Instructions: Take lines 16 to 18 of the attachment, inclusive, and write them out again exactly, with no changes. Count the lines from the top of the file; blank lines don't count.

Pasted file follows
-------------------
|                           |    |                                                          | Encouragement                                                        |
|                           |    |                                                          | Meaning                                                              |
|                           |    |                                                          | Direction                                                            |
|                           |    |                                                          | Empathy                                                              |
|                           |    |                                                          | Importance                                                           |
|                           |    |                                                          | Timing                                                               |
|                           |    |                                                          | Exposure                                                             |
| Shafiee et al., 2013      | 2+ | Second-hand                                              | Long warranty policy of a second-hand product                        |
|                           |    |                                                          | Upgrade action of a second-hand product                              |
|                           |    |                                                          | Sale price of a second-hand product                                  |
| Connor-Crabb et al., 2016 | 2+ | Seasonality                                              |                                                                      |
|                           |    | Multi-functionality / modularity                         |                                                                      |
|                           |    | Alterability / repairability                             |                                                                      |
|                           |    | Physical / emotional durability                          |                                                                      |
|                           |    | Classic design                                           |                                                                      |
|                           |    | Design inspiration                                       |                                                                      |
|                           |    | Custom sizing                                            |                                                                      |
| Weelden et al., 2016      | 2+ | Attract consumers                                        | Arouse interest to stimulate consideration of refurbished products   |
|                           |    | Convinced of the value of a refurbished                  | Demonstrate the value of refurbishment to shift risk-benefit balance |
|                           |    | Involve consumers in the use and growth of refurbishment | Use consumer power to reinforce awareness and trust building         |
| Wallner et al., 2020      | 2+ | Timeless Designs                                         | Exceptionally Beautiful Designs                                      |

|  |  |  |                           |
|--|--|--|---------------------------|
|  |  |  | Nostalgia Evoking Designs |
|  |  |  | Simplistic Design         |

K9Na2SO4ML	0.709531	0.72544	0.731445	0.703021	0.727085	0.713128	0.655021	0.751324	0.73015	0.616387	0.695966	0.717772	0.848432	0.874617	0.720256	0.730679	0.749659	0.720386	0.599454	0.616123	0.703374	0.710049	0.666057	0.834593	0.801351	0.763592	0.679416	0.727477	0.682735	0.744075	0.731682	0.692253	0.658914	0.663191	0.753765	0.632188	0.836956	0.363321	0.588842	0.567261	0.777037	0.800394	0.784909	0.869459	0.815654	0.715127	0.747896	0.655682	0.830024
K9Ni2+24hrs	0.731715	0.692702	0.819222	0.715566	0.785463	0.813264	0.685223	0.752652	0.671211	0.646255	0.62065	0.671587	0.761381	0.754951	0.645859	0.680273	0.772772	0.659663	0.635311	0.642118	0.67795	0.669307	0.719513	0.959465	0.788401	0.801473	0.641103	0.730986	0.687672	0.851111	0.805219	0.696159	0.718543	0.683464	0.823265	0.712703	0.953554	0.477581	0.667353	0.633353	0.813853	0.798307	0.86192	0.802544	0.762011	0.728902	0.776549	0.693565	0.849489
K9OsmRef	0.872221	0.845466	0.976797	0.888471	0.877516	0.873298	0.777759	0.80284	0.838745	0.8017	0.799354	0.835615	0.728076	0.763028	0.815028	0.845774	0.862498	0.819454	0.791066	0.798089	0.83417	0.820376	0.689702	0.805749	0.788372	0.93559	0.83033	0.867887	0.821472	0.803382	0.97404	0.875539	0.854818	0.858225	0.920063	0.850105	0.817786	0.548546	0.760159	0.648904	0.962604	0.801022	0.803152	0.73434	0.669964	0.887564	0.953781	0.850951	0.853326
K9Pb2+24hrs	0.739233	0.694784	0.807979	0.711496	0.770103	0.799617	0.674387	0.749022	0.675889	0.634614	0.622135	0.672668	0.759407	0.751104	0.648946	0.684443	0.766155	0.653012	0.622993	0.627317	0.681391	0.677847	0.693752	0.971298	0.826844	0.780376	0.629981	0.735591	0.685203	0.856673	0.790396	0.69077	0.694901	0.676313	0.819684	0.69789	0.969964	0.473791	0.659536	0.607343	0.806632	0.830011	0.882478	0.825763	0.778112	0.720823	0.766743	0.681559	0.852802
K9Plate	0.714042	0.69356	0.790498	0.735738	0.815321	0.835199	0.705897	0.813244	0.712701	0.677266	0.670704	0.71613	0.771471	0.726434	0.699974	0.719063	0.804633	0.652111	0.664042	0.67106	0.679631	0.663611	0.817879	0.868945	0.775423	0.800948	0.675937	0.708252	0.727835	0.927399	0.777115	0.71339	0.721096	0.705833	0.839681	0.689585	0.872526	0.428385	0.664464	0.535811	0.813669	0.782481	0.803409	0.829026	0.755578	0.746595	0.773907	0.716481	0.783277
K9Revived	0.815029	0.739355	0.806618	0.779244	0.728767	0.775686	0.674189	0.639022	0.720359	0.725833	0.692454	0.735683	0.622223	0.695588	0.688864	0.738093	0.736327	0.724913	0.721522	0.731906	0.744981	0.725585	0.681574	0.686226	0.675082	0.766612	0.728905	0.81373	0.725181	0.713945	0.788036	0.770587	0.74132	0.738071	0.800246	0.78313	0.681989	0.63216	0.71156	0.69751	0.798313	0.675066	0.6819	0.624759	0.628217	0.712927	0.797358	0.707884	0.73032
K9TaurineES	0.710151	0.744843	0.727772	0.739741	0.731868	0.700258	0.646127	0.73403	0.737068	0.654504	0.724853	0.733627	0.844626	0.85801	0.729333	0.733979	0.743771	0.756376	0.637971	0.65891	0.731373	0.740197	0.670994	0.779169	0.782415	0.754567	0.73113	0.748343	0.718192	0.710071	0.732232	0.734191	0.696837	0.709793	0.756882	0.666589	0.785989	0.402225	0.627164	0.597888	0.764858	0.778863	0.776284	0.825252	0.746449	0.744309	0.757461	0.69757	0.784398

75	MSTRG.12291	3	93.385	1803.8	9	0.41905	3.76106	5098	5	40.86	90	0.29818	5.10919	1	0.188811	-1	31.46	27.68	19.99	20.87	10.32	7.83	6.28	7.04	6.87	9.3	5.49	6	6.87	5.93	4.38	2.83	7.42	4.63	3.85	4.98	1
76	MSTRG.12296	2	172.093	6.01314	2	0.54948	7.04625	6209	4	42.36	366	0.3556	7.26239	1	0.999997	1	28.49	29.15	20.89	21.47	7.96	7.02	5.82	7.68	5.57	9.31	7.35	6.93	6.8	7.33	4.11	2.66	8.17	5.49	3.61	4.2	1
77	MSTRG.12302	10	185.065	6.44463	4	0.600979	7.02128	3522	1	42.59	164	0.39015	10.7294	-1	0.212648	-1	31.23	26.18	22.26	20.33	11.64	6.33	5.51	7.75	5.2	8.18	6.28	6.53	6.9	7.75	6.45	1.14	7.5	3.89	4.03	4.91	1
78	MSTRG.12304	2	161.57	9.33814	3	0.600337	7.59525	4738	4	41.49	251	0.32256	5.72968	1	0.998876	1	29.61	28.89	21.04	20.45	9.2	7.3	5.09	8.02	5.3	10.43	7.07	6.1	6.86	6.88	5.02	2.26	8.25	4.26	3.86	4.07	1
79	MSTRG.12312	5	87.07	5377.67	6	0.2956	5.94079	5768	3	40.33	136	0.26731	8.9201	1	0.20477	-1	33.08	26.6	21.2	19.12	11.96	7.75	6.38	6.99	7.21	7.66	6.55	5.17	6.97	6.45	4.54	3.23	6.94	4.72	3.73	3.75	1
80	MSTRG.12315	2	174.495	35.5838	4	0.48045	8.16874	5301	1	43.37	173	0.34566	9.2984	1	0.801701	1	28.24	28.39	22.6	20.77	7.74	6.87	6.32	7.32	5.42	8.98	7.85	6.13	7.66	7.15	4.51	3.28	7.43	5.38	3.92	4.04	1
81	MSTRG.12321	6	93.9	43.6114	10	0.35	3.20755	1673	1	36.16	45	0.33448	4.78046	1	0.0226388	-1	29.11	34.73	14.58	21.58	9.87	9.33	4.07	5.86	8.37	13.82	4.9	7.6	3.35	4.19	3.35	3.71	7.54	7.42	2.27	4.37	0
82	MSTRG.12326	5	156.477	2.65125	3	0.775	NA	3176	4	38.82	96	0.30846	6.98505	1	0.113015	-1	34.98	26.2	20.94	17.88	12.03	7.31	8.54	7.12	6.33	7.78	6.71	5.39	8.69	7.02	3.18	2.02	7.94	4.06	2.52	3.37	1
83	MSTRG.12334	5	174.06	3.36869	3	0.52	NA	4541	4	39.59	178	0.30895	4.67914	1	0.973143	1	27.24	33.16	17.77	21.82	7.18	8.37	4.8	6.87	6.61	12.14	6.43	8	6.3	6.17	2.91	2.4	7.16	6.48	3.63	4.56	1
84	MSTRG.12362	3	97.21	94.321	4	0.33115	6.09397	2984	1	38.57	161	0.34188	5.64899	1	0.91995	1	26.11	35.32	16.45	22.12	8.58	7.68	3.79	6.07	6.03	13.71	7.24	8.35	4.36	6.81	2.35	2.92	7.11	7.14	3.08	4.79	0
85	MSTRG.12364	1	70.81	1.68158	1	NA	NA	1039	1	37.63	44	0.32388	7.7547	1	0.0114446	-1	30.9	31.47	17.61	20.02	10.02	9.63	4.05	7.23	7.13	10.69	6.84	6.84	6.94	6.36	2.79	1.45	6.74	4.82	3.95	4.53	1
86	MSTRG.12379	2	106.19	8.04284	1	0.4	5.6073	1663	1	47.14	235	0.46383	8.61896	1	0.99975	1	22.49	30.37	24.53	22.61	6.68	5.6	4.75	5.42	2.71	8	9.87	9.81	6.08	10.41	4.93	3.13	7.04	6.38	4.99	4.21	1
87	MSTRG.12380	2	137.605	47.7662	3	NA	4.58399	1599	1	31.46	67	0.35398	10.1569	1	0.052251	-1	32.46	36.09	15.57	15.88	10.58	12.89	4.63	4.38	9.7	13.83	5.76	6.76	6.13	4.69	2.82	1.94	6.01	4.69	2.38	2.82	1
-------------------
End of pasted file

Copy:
|                           |    | Design inspiration                                       |                                                                      |
|                           |    | Custom sizing                                            |                                                                      |
| Weelden et al., 2016      | 2+ | Attract consumers                                        | Arouse interest to stimulate consideration of refurbished products   |